The consolidation of public finances could not be separated from the reform of the social security system: this revision was made impossible to postpone by the gradual aging of the population and by the increase in the costs of healthcare services. In particular, during 2005 the administration placed at the center of the political and social debate the need for a reform of the social security system that contemplated raising the retirement age and introducing a more favorable pension indexation mechanism for the workers of the less well-off classes. As for the health sector, the administration intervened in 2003with targeted interventions, such as the introduction of tax incentives aimed at favoring the underwriting of health insurance and the provision of tax concessions relating to health and assistance costs incurred by individuals. The restructuring of the sector was also started in 2005, with the redefinition of the division of fiscal responsibilities between the federal bodies and the State.
In response to the growing financial difficulties of major listed companies (such as the December 2001 bankruptcy of Enron, the first US company in the energy sector, and in July 2002of WorldCom, the second largest company in the telecommunications sector), the administration initiated a comprehensive regulatory reform on these companies, with the aim of ensuring that US companies regain the confidence of domestic and foreign investors. The reform was mainly based on three pillars: promoting the improvement of the discipline of financial markets, ensuring the revision of the procedures for evaluating company financial statements and, finally, developing self-regulatory standards and behaviors in private companies. In fact, for the specific purpose of guaranteeing the correctness of conduct in subjects operating on the financial markets and of giving greater reliability to the information on rating, the system of sanctions in cases of forgery, fraud and obstacle to justice.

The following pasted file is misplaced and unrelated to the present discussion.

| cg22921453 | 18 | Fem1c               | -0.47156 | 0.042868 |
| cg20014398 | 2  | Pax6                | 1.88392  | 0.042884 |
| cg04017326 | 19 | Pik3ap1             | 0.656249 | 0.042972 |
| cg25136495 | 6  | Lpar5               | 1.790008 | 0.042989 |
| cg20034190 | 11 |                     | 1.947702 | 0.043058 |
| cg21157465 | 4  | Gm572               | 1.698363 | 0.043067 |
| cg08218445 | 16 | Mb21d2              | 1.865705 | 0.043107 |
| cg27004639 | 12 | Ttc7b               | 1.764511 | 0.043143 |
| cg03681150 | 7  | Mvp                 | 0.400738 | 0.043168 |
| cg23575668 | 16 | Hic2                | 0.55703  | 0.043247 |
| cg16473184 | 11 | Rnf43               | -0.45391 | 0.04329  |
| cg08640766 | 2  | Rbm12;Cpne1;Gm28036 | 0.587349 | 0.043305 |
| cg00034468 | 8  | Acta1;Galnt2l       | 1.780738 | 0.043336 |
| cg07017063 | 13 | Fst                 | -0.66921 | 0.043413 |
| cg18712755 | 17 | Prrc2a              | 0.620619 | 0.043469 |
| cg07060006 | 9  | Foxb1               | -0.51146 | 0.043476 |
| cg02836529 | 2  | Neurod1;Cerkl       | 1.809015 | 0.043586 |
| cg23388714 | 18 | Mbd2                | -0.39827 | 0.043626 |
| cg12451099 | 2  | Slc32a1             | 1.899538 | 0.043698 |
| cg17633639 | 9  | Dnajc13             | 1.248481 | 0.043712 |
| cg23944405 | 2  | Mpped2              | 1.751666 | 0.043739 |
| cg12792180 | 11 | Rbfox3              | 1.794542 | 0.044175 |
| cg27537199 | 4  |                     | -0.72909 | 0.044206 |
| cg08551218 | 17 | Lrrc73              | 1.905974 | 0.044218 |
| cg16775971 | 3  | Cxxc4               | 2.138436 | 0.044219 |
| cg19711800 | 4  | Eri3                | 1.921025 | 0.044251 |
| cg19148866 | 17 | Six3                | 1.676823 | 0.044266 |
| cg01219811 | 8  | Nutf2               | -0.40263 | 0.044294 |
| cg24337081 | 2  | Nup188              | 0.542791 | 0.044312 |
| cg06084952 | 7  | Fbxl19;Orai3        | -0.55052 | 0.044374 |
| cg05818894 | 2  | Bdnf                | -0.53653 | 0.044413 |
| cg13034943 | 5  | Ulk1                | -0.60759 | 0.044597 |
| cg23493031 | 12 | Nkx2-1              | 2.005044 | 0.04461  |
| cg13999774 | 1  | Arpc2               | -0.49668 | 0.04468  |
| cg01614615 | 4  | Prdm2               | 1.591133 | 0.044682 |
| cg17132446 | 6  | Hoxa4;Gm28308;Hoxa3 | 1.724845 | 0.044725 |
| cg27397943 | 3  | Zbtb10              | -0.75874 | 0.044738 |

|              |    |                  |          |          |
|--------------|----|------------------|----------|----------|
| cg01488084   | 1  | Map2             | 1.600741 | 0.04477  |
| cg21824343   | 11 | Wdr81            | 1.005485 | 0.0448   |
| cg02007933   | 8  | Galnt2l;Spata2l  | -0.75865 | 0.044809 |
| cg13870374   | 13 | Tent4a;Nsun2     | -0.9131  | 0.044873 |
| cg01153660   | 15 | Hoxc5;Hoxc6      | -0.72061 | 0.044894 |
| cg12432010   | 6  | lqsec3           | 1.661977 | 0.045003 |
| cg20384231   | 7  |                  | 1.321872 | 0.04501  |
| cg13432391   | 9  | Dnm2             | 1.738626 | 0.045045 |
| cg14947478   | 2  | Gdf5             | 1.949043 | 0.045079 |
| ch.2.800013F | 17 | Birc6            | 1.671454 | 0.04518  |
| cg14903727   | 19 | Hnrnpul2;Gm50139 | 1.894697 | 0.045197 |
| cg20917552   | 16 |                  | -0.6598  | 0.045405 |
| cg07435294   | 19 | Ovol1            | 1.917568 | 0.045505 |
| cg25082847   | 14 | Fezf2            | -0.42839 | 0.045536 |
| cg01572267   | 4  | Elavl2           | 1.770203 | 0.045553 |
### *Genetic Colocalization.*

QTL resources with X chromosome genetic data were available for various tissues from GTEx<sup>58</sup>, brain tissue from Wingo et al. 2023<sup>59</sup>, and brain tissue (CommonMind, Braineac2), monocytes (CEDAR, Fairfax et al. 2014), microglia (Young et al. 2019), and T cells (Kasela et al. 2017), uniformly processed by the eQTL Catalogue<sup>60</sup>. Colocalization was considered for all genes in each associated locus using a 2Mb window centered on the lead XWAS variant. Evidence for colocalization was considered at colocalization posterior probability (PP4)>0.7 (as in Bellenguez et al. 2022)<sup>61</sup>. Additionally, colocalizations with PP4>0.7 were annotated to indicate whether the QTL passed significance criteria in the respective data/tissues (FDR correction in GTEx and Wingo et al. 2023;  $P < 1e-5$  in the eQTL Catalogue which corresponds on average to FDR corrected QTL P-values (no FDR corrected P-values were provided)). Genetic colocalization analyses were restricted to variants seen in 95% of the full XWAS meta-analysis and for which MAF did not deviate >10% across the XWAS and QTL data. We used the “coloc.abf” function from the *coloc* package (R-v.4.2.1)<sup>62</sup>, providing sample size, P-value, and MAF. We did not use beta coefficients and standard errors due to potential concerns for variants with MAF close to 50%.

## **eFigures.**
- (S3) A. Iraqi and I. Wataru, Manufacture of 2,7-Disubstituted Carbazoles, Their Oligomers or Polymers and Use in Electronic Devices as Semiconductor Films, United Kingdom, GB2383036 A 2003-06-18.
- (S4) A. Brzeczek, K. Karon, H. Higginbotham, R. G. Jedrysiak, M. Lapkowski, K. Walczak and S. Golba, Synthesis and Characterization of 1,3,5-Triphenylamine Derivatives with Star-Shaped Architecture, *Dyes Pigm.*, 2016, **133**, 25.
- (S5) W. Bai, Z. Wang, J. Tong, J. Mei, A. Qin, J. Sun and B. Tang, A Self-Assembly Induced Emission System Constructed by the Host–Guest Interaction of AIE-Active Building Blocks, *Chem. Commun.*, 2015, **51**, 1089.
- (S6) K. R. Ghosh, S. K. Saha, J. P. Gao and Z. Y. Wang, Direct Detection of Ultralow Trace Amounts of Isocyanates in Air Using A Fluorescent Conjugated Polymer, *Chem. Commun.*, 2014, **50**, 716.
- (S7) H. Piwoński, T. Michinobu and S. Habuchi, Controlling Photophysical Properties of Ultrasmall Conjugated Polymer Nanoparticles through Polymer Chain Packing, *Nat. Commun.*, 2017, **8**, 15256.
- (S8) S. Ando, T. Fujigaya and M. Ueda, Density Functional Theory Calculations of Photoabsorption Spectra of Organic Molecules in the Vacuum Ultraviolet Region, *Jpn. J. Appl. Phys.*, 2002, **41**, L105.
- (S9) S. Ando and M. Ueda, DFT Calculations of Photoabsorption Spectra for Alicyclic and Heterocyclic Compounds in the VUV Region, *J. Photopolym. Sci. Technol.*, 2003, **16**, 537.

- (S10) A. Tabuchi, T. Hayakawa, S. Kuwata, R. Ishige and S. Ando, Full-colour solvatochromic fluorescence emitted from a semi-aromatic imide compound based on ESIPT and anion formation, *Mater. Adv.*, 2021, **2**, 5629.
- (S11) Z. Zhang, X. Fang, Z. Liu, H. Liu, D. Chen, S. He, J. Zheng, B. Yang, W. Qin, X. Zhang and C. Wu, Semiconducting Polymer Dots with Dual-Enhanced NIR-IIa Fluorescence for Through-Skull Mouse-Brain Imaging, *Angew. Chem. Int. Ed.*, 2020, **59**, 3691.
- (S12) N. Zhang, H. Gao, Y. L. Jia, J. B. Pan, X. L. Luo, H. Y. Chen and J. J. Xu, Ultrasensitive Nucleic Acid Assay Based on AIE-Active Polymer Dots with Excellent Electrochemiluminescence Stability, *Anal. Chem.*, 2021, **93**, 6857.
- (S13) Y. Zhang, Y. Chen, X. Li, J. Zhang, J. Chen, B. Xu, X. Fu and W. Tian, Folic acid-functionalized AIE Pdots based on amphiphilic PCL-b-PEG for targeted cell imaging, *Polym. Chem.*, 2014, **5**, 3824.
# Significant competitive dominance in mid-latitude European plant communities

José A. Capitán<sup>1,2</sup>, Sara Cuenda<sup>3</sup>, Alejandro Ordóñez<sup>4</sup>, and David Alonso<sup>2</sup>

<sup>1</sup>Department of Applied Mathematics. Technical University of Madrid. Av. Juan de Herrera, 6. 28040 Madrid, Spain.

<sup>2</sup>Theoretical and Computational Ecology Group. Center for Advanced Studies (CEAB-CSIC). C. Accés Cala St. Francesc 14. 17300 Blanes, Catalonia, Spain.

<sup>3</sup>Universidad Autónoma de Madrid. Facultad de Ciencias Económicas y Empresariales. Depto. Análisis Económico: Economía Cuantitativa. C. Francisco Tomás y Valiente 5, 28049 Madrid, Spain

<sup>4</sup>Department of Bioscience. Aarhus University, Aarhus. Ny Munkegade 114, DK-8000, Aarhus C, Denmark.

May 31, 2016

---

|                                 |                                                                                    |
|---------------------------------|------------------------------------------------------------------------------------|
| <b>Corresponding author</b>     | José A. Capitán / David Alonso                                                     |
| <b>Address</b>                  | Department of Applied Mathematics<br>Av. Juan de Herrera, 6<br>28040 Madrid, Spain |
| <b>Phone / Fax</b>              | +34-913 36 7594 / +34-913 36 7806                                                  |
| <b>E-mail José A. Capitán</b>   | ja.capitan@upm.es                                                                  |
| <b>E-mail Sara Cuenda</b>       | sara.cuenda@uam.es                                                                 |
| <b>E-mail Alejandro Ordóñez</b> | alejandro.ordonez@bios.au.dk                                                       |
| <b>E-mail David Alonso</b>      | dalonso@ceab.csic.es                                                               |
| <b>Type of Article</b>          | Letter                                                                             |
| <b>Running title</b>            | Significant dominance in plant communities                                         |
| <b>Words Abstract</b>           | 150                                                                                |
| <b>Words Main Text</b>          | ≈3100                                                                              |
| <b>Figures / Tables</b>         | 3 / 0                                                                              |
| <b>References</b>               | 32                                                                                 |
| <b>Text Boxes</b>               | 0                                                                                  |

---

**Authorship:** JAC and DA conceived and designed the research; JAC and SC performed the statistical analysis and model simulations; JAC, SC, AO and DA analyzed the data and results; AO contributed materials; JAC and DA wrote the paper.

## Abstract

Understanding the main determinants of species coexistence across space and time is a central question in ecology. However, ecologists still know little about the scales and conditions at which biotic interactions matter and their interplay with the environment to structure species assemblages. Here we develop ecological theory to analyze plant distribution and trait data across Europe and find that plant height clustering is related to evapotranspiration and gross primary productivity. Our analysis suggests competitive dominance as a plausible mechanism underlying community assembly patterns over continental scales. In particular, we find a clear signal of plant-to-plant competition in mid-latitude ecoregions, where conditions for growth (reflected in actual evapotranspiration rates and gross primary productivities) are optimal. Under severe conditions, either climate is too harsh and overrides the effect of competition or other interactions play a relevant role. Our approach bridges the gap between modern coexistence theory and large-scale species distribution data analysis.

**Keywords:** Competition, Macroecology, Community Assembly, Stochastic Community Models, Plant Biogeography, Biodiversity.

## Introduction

Particular attention was paid to the agricultural sector. The agricultural support program for the period 2002-2007, outlined in the Farm Security and Rural Investment Act (May 2002) to replace the previous law of 1996, was inserted in a broad regulatory context that regulated various aspects such as rural development, trade, bioenergy production, research, environmental protection; in addition, new direct financing mechanisms for agricultural producers were introduced. This intervention, which particularly favored large landowners, placed foreign agricultural producers at a competitive disadvantage compared to those in the United States.